Be careful, your Facebook account could be hacked by a bot

A new scam is wreaking havoc on Messenger. It involves impersonating the network support team and stealing user credentials.

Also called conversational agent, a chatbot is a “discussion robot”. It imitates human conversations through a chat interface. Normally, they are used to provide answers to simple questions from customers or users or to promote services.

However, chatbots are increasingly used in account hacks. They help automate credential theft and increase the volume of operations.

According to Trustwave, a new hacking campaign involves using chatbots to steal the credentials of Facebook page managers. Concretely, an e-mail informing the recipient that his Facebook page has violated the community standards is sent. He gives her 48 hours to appeal the decision. Otherwise, his page will supposedly be deleted.

This is how the user is prompted to fix the issue from the Facebook support center. And, to access it, he must click on the “Call now” button which will redirect him to a Messenger conversation. As you can imagine, the chatbot, which poses as a Facebook customer service agent, is not a help desk at all.

Once the conversation has started on Messenger, the chatbot sends the victim a “Call Now” button. The latter takes him to a website disguised as a Facebook support inbox, whose URL is not part of Facebook’s domain. The page in question invites the panicked user who wishes to appeal the decision to delete the page, to enter their email address, full name, page name and telephone number.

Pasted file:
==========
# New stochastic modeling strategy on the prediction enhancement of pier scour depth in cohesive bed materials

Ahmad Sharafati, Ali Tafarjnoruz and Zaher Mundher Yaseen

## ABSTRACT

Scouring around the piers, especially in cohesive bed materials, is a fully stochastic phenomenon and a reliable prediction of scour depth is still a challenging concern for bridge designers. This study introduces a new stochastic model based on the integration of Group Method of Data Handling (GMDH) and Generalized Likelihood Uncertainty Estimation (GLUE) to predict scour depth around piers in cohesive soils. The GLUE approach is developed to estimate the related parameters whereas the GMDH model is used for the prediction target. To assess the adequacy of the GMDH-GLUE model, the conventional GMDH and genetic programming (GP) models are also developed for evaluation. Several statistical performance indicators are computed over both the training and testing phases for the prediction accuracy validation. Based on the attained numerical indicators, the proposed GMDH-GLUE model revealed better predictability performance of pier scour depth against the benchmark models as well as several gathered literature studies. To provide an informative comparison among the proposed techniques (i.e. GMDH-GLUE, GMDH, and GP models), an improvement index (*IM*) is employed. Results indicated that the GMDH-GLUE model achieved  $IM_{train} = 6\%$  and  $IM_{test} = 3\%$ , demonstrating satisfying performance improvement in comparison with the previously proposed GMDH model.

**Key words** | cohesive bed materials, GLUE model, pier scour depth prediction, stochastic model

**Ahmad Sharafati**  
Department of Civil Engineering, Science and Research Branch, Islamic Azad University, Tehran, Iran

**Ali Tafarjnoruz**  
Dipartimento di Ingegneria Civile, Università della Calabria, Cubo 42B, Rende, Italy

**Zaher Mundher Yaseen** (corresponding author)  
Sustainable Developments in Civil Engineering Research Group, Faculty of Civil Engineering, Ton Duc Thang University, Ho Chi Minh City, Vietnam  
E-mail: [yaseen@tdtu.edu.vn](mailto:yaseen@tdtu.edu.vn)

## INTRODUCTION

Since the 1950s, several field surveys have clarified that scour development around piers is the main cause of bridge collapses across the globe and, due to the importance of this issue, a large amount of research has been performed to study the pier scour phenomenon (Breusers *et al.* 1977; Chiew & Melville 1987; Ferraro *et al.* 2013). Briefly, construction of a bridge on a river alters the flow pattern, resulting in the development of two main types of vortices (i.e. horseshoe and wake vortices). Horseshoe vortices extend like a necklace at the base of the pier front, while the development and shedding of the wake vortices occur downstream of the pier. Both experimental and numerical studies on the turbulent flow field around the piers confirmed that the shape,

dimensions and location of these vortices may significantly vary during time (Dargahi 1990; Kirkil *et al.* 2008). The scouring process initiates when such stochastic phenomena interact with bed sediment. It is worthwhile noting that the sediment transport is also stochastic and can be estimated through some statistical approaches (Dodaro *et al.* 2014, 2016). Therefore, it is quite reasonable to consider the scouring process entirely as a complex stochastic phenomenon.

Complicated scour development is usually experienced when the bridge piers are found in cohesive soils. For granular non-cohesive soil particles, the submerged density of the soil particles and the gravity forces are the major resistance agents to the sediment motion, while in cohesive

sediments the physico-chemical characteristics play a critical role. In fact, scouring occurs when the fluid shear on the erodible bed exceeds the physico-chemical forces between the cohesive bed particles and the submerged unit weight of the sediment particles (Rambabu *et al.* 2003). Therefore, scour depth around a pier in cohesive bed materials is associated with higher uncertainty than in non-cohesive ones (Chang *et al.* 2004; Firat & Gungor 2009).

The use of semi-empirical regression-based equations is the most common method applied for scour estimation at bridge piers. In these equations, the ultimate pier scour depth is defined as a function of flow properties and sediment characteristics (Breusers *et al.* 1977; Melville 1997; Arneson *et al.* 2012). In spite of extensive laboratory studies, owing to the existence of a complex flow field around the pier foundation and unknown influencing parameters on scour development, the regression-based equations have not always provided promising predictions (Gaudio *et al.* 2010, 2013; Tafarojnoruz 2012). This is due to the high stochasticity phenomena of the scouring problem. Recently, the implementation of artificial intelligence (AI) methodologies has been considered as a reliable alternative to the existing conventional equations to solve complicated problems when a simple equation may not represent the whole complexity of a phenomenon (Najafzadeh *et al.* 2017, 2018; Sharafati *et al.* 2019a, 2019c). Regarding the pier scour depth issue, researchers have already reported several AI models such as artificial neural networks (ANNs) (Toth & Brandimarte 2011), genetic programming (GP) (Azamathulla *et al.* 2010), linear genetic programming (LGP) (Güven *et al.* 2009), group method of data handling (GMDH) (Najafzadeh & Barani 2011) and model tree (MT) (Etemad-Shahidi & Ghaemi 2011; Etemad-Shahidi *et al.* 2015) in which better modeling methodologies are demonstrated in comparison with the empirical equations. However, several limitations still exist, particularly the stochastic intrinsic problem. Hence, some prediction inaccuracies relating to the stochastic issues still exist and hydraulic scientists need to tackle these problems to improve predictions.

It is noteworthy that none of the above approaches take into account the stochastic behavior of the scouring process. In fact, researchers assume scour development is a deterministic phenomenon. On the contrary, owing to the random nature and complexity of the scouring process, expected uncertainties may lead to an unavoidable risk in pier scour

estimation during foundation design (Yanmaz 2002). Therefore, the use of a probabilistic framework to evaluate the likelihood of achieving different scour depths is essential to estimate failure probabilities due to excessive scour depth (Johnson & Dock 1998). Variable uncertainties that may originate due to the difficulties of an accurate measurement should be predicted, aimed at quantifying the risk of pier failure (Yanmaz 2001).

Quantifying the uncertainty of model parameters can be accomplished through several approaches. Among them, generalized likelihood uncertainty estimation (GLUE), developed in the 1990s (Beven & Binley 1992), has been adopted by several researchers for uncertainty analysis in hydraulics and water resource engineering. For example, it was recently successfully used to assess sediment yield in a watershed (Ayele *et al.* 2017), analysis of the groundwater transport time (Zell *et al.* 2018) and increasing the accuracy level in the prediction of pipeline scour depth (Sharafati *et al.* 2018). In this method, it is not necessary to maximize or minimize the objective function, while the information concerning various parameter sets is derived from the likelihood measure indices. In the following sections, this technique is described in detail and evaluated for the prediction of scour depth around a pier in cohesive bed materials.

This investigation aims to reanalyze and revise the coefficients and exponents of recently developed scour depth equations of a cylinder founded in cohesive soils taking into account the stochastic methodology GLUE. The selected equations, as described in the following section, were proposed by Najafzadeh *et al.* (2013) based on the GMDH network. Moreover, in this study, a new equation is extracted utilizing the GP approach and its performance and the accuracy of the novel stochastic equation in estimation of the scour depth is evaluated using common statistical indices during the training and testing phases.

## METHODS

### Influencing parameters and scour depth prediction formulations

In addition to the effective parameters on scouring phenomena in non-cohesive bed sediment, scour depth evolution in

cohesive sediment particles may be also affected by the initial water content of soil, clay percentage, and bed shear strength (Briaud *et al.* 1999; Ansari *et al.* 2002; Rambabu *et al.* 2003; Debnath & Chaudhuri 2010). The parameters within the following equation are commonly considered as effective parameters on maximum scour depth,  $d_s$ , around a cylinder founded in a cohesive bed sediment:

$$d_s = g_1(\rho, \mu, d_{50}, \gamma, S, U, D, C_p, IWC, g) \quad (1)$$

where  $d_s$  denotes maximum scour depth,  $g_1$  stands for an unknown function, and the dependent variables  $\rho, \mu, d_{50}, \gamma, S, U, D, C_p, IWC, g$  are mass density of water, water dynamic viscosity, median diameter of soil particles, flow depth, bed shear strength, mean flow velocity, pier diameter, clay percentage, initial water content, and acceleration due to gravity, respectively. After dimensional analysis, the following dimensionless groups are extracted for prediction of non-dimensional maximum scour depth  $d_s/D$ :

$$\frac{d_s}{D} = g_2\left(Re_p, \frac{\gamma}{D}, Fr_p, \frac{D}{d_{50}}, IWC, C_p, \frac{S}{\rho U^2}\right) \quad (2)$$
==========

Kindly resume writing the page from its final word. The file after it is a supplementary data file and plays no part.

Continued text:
As soon as the victim finishes entering this information and clicks on the “Submit” button, a pop-up window appears. It then asks for the account password and sends all the information to a database owned by the hacker.

With a little research, we see that the Facebook page associated with the chatbot is a standard business page with zero followers and no posts. On the “chatbot” page, a message states that the profile is “Very responsive to messages”. That is, that it is actively used. Trustwave also warns that the case number on the fake “Facebook support inbox” does not match the one presented by the chatbot earlier in the discussion.

It must still be recognized that the scam is not easy to detect for uninformed users. Indeed, to give a security aspect to the process, when the victim submits his information, a fake two-factor authentication page appears. She is then prompted to enter a one-time password received by SMS. In reality, this authentication page will accept any series of numbers. But that’s not all. The fake verification process redirects the victim to a genuine Facebook page that contains intellectual property and copyright guidelines. These relate to the violation allegedly committed by the user.

The best way to counter this kind of attack is to analyze the URL of pages asking for login credentials. If it’s not a scam, the domain name should match the URL of the legitimate site.

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